Russell Wallis said: “Our research is about a toxin called pneumolysin produced by a bacterium called pneumococcus (aka Streptococcus pneumoniae). Pneumococcal infections are the leading cause of bacterial pneumonia as well as the cause of a range of other life-threatening diseases such as meningitis and septicaemia. Pneumolysin is instrumental in the ability of pneumococcus to cause disease. The World Health Organization (WHO) estimated that more than 1.6 million people die every year from pneumococcal infections, including more than 800,000 children under 5 years old.

“The aim of the research was to find out how pneumolysin kills our cells, thereby causing tissue damage and contributing to disease. In particular we wanted to find out how multiple copies of the toxin assemble on the surface of cells.

“We managed to determine the structure of pneumolysin using a technique called X-ray crystallography, which enables us to see the individual atoms of the toxin. The structure not only reveals what the toxin looks like, but also shows how it assembles to form lethal pores.

“Ours is the first detailed structure of pneumolysin. This level of detail is important and useful because it enables us to begin to understand how the toxin works. For example, we can see which parts of the toxin come together during pore assembly. When we disrupt these contacts, the toxin becomes inactivated so it can no longer kill cells.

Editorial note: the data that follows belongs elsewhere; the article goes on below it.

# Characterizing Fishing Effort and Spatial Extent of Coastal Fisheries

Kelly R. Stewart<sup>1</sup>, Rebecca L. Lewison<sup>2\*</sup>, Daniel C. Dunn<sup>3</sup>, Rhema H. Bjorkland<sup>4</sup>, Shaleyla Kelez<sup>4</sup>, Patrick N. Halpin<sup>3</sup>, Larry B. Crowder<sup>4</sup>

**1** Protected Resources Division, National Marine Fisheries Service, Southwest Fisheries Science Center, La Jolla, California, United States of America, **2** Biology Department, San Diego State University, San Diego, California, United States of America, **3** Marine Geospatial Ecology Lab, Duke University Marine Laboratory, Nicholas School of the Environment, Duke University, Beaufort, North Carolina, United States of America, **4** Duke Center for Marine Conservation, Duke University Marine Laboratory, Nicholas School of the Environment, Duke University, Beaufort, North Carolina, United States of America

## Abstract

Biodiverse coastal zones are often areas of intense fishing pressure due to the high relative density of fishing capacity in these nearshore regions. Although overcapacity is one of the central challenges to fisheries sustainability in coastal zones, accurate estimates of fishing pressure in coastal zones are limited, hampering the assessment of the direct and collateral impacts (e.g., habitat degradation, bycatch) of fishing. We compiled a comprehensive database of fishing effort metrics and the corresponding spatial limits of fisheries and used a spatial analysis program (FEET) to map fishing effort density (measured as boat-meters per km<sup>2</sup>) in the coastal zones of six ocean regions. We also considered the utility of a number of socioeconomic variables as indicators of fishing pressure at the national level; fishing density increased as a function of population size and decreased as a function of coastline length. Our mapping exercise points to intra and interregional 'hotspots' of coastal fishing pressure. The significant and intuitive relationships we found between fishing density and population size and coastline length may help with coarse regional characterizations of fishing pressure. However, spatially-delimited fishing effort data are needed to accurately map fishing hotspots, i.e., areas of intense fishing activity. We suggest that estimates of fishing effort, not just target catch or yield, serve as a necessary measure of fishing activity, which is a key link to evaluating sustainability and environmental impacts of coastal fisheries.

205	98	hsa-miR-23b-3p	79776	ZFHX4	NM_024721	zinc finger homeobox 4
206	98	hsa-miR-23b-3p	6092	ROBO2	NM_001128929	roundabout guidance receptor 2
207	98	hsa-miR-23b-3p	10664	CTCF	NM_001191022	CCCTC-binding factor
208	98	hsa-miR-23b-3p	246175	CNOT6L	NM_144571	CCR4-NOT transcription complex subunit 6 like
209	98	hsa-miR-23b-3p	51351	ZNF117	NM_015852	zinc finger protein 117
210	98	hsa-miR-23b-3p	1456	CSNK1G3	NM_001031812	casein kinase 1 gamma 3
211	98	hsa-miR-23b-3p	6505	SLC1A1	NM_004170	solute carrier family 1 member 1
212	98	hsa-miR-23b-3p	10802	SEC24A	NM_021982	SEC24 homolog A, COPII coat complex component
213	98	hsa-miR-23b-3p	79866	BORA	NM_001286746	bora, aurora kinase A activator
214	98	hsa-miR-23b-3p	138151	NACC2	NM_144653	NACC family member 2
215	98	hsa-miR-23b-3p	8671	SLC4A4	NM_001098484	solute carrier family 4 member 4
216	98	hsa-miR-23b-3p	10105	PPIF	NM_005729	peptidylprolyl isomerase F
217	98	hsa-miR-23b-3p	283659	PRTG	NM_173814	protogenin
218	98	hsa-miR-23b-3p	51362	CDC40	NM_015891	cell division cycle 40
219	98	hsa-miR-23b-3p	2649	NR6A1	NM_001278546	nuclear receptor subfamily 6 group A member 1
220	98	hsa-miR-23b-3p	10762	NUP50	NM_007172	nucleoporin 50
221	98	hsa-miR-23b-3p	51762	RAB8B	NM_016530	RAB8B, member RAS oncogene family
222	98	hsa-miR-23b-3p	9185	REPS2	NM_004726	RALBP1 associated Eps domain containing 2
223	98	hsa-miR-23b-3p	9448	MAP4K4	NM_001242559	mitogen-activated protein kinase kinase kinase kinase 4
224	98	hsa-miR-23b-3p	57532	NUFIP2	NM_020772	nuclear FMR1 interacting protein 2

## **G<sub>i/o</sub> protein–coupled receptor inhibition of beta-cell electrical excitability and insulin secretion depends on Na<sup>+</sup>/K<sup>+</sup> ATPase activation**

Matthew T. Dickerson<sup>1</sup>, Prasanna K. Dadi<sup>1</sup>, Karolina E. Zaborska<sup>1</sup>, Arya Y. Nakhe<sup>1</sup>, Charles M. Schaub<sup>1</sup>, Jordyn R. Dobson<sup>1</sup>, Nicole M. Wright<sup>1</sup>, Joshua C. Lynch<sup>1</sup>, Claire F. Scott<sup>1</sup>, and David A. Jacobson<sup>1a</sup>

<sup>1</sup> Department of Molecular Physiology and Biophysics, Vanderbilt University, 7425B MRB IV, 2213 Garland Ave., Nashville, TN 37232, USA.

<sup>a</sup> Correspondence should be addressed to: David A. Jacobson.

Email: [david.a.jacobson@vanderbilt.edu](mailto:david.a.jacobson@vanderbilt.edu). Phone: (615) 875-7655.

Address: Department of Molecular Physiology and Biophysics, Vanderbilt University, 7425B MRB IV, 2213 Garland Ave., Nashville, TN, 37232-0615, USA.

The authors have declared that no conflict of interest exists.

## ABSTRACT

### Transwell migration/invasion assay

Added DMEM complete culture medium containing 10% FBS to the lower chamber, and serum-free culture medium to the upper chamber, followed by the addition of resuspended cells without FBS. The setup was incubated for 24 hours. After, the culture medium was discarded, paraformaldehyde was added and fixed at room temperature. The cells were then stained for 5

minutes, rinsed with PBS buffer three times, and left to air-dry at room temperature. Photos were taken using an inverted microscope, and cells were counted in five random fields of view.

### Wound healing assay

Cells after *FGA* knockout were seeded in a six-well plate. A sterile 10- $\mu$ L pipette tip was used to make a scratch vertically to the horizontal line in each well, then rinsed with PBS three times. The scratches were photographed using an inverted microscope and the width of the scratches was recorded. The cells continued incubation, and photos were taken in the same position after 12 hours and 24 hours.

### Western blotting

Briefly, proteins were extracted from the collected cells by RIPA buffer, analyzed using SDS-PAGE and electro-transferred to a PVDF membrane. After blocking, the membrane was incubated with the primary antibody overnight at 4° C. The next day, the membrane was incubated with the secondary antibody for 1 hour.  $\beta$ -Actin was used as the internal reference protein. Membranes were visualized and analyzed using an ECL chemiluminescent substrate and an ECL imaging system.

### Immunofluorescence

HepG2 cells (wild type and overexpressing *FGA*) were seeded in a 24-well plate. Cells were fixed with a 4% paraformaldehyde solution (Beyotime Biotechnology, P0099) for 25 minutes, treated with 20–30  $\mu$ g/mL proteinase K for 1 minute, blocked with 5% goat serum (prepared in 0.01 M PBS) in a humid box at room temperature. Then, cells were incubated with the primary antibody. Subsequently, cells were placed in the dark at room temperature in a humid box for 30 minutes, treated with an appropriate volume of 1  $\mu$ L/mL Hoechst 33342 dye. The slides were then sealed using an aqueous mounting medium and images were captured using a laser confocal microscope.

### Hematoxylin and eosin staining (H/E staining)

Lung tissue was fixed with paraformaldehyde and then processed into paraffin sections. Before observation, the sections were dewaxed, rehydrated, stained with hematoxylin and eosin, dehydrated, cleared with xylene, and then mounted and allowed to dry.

“Using crystallography beamlines at Diamond Light Source, our team has been able to determine the full-length pneumolysin at high-resolution (ten millionths of a millimetre). Down at this level, we can determine the molecular interactions on the cell membrane and work out exactly how the protein forms the pores that are lethal to the body’s cells. Having this knowledge is very exciting as it forms the basis for rational approaches to designing drugs that block assembly of pneumolysin pores to treat people with pneumococcal disease. The University of Leicester has recently set up a company, Axendos Therapeutics, to pursue this aim.

Dave Stuart adds: “This is a fantastic achievement for the Leicester group and a significant milestone for Diamond. We are one of the top synchrotrons in the world when it comes to the number of proteins that scientists are depositing in the Protein Data Bank. We have reached the 3,000th structure at a very exciting point in our development with several new life science beamlines under construction as part of Diamond’s Phase III expansion.”

He continues: “Ultimately, this work reinforces Diamond’s role as a vital source of structural information and demonstrates how integral science is throughout the development process, from fundamental work to delivering new drugs.”